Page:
First Ship to Respond to Haiti Earthquake, Buries bin Laden Body

Written by Andrew Tilghman

Monday, 02 May 2011 15:05

The first U.S. Navy Carrier, the U.S.S. Carl Vinson, that responded to the earthquake in Haiti on January 12 2010, also was given the mission of burying, rather submerging, Osama Bin-Laden's body into the sea near Pakistan.

The CVN 70 - U.S.S. Carl Vinson arrived on January 15, 2010 to the coast of Port-au-Prince to commence humanitarian relief after the earthquake. It was one of the last to leave as well.

Bin Laden was afforded by the U.S. Government a Muslim funeral, which required he be buried by the next sunset after his death. The {japopup type="iframe" content=""}Air Force Times{/japopup} reported the details of the burial:

While most Americans slept Sunday night, a quiet at-sea burial ceremony took place for Osama bin Laden aboard the Navy carrier Carl Vinson off the coast of Pakistan.

Bin Laden’s body was dumped into the water off the northern Arabian Sea after an Islamic ritual that included the ceremonial washing of his body and wrapping him in a white sheet.

His body was placed in a weighted bag, and a U.S. military officer read “prepared religious remarks,” which were in turn translated into Arabic by a native speaker, an official said.

“After the words were completed, the body was placed on a prepared flat board, tipped up and the deceased’s body was eased into the sea,” said a senior intelligence official who spoke on condition of anonymity.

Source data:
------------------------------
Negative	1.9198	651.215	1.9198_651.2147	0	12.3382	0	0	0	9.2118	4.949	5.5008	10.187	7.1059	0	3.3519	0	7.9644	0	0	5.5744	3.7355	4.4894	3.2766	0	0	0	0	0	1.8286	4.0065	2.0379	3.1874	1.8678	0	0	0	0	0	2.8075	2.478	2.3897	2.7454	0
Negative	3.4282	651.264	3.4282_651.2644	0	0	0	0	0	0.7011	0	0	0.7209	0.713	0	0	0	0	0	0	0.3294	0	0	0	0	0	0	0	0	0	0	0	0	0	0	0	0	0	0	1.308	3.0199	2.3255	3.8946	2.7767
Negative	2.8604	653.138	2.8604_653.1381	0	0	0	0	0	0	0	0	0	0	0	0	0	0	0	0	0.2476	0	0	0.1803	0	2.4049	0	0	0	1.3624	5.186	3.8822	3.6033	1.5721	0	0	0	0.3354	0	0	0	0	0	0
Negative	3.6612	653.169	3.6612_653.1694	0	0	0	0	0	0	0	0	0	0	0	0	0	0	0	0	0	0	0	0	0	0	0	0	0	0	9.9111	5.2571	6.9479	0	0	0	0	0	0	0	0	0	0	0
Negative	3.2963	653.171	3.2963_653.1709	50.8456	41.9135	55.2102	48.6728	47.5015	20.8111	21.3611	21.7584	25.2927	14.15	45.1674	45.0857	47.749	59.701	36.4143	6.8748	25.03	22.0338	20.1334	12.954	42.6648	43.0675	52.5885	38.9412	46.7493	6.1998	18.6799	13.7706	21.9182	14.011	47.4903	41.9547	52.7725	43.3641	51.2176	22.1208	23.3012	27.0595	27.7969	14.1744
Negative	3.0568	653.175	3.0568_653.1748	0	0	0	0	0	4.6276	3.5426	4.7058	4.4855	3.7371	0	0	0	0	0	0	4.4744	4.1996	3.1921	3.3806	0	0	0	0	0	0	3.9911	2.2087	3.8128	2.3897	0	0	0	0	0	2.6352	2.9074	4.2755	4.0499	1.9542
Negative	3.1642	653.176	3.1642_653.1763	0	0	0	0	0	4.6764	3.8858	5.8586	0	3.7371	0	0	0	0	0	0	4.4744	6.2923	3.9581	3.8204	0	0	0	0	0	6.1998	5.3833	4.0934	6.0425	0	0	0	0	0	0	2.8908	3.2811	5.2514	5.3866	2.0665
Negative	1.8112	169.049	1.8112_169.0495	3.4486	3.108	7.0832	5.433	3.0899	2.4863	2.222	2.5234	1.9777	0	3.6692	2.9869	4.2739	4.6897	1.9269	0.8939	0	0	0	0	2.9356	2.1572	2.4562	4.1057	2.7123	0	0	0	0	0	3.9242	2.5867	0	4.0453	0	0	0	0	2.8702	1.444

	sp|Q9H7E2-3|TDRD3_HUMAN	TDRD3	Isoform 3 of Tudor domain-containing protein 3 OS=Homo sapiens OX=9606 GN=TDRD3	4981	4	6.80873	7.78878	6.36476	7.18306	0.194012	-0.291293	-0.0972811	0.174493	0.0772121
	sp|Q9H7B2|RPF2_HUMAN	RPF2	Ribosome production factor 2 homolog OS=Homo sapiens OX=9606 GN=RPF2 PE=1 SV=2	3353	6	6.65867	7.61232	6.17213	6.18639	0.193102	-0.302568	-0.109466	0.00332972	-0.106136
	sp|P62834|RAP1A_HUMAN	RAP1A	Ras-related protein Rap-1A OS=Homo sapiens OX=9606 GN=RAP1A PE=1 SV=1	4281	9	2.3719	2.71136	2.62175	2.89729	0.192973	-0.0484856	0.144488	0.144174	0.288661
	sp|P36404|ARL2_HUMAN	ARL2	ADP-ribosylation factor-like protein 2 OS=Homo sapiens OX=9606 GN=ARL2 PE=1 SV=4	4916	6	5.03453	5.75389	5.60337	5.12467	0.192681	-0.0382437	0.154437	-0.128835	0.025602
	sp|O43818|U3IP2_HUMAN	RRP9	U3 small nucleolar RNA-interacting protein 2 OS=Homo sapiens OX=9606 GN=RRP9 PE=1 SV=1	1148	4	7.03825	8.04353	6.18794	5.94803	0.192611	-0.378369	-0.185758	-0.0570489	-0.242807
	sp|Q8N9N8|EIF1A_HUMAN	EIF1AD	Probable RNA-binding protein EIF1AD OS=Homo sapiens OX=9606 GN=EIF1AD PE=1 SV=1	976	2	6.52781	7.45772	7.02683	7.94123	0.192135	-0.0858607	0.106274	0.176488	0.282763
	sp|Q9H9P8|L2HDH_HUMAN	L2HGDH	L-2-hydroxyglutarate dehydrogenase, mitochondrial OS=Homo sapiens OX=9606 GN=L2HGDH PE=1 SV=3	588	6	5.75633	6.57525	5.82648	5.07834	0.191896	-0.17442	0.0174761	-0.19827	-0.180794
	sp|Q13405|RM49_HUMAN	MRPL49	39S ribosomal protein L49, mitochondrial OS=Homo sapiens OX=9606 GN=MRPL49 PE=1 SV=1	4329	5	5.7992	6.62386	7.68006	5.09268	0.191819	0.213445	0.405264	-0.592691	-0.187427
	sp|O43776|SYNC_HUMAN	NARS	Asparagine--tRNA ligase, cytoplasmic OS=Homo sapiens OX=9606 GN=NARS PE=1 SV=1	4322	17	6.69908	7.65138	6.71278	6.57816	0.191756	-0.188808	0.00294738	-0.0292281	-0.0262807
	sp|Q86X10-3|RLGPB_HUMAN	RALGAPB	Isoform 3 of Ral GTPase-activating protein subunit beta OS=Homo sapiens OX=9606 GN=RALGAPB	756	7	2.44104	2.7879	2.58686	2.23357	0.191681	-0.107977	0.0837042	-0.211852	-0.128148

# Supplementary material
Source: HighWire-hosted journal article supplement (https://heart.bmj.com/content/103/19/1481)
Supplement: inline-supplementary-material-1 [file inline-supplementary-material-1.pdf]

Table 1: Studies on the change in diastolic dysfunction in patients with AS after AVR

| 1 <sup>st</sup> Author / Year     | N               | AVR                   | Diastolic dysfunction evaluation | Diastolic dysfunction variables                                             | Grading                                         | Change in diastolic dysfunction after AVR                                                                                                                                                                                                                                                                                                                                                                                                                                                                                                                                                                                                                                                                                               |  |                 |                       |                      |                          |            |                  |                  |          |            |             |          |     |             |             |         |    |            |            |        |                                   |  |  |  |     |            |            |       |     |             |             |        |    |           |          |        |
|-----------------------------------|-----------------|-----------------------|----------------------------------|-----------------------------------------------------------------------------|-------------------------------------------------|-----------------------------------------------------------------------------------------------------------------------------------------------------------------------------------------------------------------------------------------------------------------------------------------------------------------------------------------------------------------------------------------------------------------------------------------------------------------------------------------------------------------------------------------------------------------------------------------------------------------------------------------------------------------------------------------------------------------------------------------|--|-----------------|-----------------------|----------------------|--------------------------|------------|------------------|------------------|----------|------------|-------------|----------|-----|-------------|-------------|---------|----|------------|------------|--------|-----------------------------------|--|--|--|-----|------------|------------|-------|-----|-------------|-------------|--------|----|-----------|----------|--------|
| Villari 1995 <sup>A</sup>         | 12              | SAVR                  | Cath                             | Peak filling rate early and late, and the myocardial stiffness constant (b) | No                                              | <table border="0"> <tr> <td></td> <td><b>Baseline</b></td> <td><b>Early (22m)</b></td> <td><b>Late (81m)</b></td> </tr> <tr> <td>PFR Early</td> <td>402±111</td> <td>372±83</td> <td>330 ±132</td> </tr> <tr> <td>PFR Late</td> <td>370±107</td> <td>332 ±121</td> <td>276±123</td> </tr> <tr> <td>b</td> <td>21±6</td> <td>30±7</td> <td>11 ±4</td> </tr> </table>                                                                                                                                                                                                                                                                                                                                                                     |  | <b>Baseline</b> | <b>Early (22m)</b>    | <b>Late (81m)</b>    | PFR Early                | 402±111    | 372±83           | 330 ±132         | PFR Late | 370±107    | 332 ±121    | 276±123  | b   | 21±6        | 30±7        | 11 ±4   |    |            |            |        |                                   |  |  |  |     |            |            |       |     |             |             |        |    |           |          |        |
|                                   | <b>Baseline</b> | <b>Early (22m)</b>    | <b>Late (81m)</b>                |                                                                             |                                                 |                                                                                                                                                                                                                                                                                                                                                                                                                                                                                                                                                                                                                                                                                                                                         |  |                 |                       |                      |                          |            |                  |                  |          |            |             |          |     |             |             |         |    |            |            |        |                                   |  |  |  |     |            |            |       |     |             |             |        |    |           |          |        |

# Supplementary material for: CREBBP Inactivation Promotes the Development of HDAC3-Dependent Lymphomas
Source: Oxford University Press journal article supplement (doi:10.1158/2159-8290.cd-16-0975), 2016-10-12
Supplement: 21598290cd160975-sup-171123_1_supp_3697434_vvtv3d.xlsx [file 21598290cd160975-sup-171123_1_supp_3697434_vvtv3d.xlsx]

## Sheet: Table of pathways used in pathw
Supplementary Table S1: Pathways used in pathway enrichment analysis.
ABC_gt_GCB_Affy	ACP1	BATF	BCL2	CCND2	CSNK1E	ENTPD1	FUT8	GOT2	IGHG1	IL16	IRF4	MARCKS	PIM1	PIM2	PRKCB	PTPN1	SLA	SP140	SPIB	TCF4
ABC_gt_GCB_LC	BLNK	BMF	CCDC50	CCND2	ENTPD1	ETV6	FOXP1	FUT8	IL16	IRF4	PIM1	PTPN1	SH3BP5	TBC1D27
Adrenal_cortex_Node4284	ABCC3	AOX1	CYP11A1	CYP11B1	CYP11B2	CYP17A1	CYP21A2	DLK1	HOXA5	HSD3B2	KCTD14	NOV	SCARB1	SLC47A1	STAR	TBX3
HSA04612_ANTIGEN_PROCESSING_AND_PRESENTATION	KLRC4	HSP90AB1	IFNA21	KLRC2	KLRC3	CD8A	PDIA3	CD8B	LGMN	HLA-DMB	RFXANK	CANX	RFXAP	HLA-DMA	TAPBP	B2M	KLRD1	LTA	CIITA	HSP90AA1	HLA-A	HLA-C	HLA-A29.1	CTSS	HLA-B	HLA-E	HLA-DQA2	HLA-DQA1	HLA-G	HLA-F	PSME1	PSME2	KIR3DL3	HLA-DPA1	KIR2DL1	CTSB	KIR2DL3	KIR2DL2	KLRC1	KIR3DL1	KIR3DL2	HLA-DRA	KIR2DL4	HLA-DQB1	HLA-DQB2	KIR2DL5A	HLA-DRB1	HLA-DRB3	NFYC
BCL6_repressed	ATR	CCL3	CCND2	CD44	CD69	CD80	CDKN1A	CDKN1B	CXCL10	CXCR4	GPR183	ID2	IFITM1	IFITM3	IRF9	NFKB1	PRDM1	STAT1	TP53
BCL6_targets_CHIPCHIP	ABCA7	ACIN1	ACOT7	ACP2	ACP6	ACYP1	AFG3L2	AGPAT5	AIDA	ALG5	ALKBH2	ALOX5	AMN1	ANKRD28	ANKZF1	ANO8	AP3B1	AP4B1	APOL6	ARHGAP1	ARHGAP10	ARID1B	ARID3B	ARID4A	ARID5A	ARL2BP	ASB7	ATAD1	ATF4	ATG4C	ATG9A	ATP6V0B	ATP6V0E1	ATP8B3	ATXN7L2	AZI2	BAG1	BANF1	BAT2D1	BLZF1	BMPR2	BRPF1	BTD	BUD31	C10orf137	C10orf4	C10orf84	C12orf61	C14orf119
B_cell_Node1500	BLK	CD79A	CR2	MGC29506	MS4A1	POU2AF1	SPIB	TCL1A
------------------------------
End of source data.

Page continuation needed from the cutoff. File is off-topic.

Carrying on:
The 50-minute ceremony ended about 2 a.m. Eastern time, which was midday aboard the carrier. Bin Laden was killed hours earlier in a firefight with U.S. forces.

Defense officials said bin Laden was buried at sea because Islamic rites require bodies to be buried within 24 hours of death, and the military did not know of any countries that were willing to accept the body for a land burial.

Experts speculate that U.S. officials feared any land-based burial site would become a gathering point for al-Qaida supporters.

The intelligence official said bin Laden’s identity was confirmed in several ways. First, a woman who said she was bin Laden’s wife identified him by name to the troops conducting the raid on the Pakistani compound. Second, CIA specialists compared photos of the dead body to known pictures of bin Laden and were “able to determine to 95 percent certainty that the body was bin Laden,” the intelligence official said.

And an initial DNA test of the body showed a “virtual 100 percent match” to known bin Laden family members whose DNA is on file with U.S. intelligence officials.

It is unclear whether further proof of bin Laden’s death, such as photographs, will be released, the intelligence official said.

The intelligence official declined to say whether an autopsy was conducted but said bin Laden clearly died in a firefight with U.S. special operations forces.

Source: {japopup type="iframe" content=""}Air Force Times{/japopup}, {japopup type="iframe" content="!/USSVINSON"}USS Carl Vinson (CVN 70){/japopup}